For example. Let’s suppose in a typical week Quincy’s teacher calls on him ten times, and he’s got a 50-50 chance of knowing the answer for each question. So normally he’s right five times. If he had a lousy week in which he knew the right answer just once, yes, that’s dismal-feeling. We can be confident that next week, though, he’s likely to put in a better performance.

That doesn’t mean he’s due for a good stretch, though. He’s as likely next week to get three questions right as he is to get eight right. Eight feels fantastic. But three is only a bit less dismal-feeling than one. The Gambler’s Fallacy, which is one of those things everyone wishes to believe in when they feel they’re due, is that eight right answers should be more likely than three. After all, that’ll make his two-week average closer to normal. But if Quincy’s as likely to get any question right or wrong, regardless of what came before, then he can’t be more likely to get eight right than to get three right. All we can say is he’s more likely to get three or eight right than he is to get one (or nine) right the next week. He’d better study.

(I don’t talk about this much, because it isn’t an art blog. But I would like folks to notice the line art, the shading, and the grey halftone screening. Shearer puts in some nicely expressive and active artwork for a joke that doesn’t need any setting whatsoever. I like a strip that’s pleasant to look at.)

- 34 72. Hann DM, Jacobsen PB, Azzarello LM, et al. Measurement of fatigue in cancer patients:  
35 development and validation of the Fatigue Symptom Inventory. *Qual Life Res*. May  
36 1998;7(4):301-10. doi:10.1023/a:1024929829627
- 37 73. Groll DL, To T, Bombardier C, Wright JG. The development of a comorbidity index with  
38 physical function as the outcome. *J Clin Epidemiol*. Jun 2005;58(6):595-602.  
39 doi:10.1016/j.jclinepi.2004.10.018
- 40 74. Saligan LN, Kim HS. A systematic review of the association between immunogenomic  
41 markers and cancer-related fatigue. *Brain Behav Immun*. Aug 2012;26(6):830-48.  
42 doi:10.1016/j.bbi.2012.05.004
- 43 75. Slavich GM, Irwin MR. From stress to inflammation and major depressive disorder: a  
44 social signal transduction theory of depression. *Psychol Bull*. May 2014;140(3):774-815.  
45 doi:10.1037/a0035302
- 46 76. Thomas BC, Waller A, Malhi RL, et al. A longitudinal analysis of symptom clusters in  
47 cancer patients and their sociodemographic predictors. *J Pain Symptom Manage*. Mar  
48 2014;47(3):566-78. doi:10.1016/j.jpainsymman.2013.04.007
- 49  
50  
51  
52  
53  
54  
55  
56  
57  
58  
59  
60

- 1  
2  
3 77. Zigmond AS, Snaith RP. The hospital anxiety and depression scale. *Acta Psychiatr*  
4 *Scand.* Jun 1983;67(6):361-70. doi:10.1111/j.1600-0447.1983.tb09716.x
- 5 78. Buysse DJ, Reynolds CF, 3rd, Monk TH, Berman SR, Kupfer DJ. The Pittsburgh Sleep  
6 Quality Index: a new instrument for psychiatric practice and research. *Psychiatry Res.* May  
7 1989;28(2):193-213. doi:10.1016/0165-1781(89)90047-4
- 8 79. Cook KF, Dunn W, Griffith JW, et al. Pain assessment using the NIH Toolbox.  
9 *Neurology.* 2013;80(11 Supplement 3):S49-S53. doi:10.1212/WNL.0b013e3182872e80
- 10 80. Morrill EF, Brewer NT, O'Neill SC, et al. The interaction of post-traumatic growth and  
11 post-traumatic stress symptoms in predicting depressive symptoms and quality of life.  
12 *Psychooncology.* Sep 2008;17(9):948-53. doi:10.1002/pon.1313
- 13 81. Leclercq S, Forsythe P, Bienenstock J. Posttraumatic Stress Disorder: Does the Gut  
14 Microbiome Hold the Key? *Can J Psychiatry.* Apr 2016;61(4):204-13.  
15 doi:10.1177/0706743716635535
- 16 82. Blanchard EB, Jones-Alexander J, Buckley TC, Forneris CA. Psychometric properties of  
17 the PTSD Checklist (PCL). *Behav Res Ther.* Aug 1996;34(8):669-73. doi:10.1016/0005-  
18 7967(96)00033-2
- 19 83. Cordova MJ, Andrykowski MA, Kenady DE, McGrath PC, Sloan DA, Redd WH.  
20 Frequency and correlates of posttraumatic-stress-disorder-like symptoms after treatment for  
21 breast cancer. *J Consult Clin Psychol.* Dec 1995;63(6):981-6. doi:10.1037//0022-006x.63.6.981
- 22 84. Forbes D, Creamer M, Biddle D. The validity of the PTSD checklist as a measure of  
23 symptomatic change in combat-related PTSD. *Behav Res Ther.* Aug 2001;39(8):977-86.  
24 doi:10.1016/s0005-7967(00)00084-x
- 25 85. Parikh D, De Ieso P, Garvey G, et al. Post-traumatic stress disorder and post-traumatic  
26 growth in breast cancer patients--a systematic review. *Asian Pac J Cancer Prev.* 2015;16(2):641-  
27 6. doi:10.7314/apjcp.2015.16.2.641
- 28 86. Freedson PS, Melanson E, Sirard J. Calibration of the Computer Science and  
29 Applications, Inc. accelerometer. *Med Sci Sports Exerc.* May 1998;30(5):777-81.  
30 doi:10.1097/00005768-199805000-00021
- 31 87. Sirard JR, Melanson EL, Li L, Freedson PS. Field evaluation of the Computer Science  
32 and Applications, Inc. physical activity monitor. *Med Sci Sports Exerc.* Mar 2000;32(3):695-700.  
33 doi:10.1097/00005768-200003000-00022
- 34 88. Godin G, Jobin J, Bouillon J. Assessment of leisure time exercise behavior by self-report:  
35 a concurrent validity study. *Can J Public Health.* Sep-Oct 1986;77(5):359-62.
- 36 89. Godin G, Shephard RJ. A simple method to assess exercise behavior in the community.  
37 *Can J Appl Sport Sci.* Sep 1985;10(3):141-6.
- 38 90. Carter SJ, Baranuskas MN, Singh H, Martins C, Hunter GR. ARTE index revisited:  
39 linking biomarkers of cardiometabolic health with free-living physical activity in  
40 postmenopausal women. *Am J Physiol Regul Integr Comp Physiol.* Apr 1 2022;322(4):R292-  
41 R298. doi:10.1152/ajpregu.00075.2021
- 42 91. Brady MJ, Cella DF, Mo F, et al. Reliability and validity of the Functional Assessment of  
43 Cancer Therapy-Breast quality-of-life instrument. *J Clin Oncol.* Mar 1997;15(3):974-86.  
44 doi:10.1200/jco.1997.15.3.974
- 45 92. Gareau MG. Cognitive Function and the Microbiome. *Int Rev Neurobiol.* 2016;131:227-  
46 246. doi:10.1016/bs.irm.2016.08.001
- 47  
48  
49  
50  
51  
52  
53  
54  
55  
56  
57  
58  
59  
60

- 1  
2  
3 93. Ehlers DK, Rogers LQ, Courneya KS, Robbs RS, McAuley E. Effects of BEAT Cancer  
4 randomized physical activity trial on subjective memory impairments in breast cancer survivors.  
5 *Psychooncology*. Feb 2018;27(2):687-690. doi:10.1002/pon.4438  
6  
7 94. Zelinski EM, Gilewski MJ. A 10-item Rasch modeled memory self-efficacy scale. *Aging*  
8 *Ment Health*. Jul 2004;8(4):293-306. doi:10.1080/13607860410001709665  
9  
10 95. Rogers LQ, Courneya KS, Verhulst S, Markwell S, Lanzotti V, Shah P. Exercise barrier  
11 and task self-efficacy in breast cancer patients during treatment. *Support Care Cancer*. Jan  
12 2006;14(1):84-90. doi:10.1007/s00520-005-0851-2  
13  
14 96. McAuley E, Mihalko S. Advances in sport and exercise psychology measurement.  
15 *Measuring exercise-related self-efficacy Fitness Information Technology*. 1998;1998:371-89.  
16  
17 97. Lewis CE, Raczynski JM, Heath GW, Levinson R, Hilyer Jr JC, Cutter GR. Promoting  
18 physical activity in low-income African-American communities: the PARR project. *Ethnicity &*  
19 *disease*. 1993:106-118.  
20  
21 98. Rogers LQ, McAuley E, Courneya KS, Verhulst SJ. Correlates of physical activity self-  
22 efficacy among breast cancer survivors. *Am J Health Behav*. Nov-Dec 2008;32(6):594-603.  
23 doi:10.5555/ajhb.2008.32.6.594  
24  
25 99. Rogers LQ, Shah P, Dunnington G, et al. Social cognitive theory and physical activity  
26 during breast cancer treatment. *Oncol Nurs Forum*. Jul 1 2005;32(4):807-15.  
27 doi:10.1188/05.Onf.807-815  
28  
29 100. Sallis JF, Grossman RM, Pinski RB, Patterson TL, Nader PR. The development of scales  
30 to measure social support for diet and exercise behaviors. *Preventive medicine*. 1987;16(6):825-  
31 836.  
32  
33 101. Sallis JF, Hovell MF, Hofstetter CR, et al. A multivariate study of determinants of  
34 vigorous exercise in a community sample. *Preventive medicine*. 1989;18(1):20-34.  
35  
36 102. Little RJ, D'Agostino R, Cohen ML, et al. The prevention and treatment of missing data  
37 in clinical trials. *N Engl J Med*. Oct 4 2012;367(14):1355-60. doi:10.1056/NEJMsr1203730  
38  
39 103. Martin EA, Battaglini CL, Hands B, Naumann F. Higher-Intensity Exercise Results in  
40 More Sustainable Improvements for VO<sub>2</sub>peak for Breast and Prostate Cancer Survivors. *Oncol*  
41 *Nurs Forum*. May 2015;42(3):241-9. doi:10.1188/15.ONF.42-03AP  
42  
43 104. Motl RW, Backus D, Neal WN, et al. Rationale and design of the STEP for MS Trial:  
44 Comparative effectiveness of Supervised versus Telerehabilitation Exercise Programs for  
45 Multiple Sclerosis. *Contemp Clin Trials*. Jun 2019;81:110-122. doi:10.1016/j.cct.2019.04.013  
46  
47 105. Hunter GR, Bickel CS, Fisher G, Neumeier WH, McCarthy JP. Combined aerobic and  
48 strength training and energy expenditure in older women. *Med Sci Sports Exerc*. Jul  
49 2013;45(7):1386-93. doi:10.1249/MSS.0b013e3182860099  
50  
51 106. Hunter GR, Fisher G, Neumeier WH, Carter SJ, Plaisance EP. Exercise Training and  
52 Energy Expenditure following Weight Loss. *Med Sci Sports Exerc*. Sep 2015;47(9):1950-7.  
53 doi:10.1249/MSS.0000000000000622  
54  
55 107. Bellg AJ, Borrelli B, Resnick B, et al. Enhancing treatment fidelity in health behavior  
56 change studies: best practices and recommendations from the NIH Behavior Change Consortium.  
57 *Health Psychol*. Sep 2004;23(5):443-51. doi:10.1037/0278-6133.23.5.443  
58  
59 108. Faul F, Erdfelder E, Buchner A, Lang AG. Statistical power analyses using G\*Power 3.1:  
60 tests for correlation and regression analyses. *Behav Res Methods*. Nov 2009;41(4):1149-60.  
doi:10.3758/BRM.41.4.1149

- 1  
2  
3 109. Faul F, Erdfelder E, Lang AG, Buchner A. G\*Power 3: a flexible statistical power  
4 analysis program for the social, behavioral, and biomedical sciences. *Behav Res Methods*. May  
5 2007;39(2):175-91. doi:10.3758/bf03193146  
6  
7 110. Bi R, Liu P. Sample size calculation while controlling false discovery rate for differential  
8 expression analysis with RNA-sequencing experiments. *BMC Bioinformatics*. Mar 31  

Tom Toles’s Randolph Itch, 2 am for the 19th of January (a rerun from the 18th of April, 2000) has got almost no mathematical content. But it’s funny, so, here. The tag also mentions Max Planck, one of the founders of quantum mechanics. He developed the idea that there was a smallest possible change in energy as a way to make the mathematics of black-body radiation work out. A black-body is just what it sounds like: get something that absorbs all light cast on it, and shine light on it. The thing will heat up. This is expressed by radiating light back out into the world. And if it doesn’t give you that chill of wonder to consider that a perfectly black thing will glow, then I don’t think you’ve pondered that quite enough.

Mark Pett’s Mister Lowe for the 21st of January (a rerun from the 18th of January, 2001) is a kid-resisting-the-word-problem joke. It’s meant to be a joke about Quentin overthinking the situation until he gets the wrong answer. Were this not a standardized test, though, I’d agree with Quentin. The given answers suppose that Tommy and Suzie are always going to have the same number of apples. But is inferring that a fair thing to expect from the test-takers? Why couldn’t Suzie get four more apples and Tommy none?